Tuesday, April 8, 2014

Microreview [book]: Truth and Fear by Peter Higgins


Higgins, Peter. Truth and Fear [Orbit, 2014]

The Meat

Peter Higgins, oh what a fan you have made of me. After a surprisingly confident debut in Wolfhound Century, what do you do? You up the ante. Thank you.    

Truth and Fear is the delightfully confusing, beautifully written, immersive, and engaging second installment of his new series, The Wolfhound Century. And delightfully confusing is an understatement. Although he has largely shifted gears from the brilliance that was Part I of Wolfhound Century (see my review here), Higgins still keeps the story (now more of an adventure) as a slowly unfolding mystery, providing enough clues to keep the reader's rapt attention but still leaving much to the imagination. Many tantalizing questions remain close to mind: Just what in the world is Vissarion Lom, especially now that the slab of angel skin is no longer wedged in his forehead? What is the Pollandore, and what are its aims? And what are the aims of the newest protagonist (?), the shapeshifter Antoninu Florian?

Truth and Fear picks up right where the first installment leaves off. It begins with protagonists Vissarion Lom and Maroussia Shaumian on their way back into the capital of the Vlast, Mirgorod. Lom sees his primary duty as keeping Maroussia safe, and luckily he finds an ally in Antoninu Florian, a being with undisclosed aims of his own. And as Lom continues his desperate quest to keep Maroussia Shaumian safe, he also struggles to discover more about his own divided nature.

The war with the Archipelago has changed Mirgorod, so the capital city Lom and Maroussia return to is not the one they left. The war, after all, is not going well for the Vlast, and the forces of the Archipelago are threatening the capital city. This suits Lavrentina Chazia just fine. She sees the baptismal fires of war as a unique opportunity to build a new, a purer, a stronger, and a united Vlast deep within the east, thousands of miles away. Chazia is convinced that the Pollandore is the route to her success, so she is willing to do anything to capture Maroussia Shaumian, who may in fact be the key to opening the Pollandore. The war also suits (primary antagonist) Josef Kantor just fine. It provides the perfect context in which he continues his quest to overthrow the existing social order and to create a new one, a harder future centered around him. And meanwhile, the Archangel is still struggling within the land, finding more and more freedom of movement to break free of its forest-prison.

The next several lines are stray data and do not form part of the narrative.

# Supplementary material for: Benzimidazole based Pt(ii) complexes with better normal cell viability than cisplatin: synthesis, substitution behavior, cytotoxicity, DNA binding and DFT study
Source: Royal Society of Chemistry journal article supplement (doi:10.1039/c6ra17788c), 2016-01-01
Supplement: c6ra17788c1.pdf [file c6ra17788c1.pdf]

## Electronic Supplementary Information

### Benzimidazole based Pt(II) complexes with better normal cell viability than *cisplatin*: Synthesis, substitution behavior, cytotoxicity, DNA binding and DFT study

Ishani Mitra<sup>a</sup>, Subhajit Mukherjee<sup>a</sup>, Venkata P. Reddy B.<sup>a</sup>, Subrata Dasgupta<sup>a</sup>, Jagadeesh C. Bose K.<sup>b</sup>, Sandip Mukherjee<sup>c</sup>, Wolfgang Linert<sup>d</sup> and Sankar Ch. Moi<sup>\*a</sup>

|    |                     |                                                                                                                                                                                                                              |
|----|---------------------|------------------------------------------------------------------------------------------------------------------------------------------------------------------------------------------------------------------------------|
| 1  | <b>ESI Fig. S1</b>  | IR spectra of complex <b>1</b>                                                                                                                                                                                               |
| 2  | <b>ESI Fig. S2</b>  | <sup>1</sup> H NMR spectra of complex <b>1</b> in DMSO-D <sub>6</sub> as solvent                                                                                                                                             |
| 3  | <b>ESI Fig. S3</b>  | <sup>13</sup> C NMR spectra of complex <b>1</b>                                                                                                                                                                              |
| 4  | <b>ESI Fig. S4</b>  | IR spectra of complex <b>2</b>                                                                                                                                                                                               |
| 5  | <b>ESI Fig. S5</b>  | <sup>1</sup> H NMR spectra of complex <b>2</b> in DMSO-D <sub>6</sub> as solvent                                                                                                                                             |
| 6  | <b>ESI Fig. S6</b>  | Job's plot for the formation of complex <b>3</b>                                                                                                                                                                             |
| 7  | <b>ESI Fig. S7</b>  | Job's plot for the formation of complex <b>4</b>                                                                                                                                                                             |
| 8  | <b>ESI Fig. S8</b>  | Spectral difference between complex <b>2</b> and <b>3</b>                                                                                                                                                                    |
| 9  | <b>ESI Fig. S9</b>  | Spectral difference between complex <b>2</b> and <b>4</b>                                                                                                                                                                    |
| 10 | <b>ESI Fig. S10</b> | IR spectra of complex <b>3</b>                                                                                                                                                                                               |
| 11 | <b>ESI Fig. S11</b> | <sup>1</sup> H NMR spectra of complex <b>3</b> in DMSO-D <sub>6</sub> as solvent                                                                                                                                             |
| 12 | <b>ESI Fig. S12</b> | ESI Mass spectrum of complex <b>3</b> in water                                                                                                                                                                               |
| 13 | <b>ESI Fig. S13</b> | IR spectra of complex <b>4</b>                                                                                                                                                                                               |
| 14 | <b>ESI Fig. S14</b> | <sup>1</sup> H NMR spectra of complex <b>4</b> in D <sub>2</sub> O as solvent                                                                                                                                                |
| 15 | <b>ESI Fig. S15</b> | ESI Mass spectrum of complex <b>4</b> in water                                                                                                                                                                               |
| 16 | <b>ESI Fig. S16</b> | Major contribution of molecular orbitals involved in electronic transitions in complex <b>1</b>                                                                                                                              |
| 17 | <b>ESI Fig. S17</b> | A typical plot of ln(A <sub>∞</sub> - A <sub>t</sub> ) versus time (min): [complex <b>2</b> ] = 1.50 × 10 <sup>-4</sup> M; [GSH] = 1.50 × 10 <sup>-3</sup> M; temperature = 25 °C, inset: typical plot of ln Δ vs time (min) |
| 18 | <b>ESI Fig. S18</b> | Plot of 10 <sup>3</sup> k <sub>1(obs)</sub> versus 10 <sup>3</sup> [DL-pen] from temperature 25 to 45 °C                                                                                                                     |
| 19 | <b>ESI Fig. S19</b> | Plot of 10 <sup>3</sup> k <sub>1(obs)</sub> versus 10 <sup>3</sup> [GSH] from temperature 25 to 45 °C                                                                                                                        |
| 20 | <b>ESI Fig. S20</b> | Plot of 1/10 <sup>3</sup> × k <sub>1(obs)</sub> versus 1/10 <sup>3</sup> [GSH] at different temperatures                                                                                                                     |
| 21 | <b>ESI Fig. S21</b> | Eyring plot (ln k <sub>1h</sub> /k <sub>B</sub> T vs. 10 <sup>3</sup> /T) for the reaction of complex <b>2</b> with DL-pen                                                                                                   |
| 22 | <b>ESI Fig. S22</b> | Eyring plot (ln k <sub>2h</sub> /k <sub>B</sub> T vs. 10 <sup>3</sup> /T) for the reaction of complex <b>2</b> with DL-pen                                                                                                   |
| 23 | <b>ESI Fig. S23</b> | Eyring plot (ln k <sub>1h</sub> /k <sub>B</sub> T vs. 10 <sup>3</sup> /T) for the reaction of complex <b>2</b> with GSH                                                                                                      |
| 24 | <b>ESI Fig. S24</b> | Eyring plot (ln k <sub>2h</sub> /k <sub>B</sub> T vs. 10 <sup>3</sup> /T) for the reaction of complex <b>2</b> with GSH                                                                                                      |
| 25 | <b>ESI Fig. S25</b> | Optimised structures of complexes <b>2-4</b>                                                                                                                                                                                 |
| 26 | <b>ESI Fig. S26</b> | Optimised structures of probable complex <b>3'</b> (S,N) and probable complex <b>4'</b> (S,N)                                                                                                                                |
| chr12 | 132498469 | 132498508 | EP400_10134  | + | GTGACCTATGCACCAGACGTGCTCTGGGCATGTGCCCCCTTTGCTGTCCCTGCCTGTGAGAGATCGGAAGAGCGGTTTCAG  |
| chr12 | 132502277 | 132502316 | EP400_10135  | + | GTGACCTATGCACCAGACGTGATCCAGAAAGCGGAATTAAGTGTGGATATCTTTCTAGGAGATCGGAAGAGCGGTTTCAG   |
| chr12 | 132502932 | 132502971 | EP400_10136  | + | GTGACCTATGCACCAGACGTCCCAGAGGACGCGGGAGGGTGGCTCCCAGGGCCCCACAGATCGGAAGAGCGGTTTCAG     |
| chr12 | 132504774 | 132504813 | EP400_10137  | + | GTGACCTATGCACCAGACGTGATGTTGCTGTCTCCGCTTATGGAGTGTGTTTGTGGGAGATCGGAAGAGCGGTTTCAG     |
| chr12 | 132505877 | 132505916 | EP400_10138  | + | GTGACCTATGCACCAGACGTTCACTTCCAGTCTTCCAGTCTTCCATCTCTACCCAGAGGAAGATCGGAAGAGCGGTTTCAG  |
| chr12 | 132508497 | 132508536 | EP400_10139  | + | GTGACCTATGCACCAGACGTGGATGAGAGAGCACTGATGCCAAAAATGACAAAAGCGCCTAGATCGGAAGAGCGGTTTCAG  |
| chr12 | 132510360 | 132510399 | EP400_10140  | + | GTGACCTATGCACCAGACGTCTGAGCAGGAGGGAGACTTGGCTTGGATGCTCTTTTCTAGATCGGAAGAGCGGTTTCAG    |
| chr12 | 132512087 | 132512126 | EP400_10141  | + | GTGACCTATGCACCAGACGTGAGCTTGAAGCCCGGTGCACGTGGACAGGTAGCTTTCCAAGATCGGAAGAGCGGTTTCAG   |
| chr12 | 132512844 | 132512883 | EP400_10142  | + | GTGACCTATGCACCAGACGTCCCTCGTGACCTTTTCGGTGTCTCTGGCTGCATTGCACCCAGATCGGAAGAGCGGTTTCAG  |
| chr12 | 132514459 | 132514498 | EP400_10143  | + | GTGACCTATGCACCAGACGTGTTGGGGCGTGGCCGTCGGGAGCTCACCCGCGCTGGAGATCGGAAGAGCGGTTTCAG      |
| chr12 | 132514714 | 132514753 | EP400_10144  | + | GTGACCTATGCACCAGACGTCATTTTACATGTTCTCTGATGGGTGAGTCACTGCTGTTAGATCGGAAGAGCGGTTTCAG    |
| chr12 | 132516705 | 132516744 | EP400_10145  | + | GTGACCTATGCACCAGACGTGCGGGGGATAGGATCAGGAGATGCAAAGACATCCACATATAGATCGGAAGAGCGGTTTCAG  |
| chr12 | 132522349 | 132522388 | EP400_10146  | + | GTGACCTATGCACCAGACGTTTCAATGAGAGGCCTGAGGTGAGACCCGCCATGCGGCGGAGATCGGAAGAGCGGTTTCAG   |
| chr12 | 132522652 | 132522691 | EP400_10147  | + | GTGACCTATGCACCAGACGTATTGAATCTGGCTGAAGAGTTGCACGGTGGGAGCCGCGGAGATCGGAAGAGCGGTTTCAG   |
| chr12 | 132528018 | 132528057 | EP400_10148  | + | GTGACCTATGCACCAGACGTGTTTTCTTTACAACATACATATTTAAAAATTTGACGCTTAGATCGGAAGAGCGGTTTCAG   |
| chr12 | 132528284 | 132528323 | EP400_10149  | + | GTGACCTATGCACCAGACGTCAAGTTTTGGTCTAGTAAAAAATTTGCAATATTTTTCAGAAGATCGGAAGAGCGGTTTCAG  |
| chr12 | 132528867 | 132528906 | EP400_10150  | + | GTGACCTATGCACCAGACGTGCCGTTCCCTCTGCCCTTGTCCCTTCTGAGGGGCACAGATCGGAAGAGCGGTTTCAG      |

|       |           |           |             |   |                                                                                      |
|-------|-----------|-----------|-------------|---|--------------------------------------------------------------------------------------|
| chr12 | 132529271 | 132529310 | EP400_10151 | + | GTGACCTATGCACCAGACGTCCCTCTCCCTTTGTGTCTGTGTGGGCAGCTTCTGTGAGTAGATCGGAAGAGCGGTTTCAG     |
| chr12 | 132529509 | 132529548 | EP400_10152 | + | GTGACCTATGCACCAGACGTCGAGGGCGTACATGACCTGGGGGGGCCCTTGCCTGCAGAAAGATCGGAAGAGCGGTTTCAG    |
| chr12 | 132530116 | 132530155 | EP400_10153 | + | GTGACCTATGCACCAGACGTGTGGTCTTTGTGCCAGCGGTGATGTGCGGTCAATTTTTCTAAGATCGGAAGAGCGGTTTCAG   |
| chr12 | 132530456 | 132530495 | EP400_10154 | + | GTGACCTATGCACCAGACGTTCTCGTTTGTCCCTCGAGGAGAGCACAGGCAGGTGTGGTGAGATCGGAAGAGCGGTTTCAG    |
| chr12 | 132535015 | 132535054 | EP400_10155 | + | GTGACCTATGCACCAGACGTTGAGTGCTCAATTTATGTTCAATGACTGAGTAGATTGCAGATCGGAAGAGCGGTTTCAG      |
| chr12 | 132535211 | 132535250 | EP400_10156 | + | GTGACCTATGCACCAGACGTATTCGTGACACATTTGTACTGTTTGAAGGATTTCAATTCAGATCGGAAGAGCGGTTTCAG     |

Higgins tells this tale with a crisp, engaging, and truly elegant prose. Perhaps the most poignant scenes are those tales of war come home. As the war comes to Mirgorod, predatory gangs and the dregs of society emerge in force. Meanwhile, Josef Kantor finds himself in a position to guide the defense of the city. And he seems to have taken a page out of the Soviet Union's World War II handbook. Citizens matter not. Death matters not. Instead, what matters is the city as idea. No sacrifice is too great to keep the idea of Mirgorod strong and alive. So the defense of Mirgorod at times feels like Gregory Zhukov's famous defense of Stalingrad in 1942, one that was highlighted by its blatant disregard for military and civilian casualties alike. Josef Kantor as general lights up the page, and I found myself wishing for more chapters from his perspective.  

The fates of all, however, are not tied to the war in Mirgorod. Instead, they are tied to a small town deep within the Vlast called Novoya Zima. It is within this town that the true future of the Vlast, of Chazia's dreams, or of Josef Kantor's empire, may be forged. Supported by an authoritarian state, sporting the best minds of the Vlast, and engaged in top-secret research, Novoya Zima offers a perfect location for the climax of this fantastically fun read.   

The biggest weakness of Truth and Fear, however, was the rather feeble antagonist, Chazia. Granted, she was never set up as the main antagonist of the series. That honor goes to Josef Kantor, a man who might possibly be more Stalinist than Stalin himself. And Higgins does a wonderful job of showing how Chazia's obsession with angel skin has slowly been driving her insane. But given the fact that this book pit Vissarion Lom and his wits against an increasingly insane Chazia and hers, she ended up seeming overly weak willed and frail. Hardly an antagonist that could make the reader sit on the edge of his/her seat. And this was despite the fact that her insanity and possible unpredictability could have made her a literary force with which to be reckoned. Instead of anxiously waiting for the denouement of the Chazia storyline, I found myself waiting for Josef Kantor to come back on stage.   

This does not detract in any way from the story. Simply put, Truth and Fear is a fantastic continuation of Higgins's debut series. If his series gets any better, I might just morph into a stalking superfan.

The Math

Baseline Assessment: 8/10

Bonuses: +1 for capturing the spirit of World War II-era Stalinist Russia.

Penalties: -1 for Chazia.

Nerd Coefficient: 8/10 "Well worth your time and attention"

See why an 8/10 at NoaF is like an 11/10 at other sites here.

POSTED BY: Jemmy, a SF/F fanatica failed wall gazer, and a Nerds of a Feather contributor since 2012.

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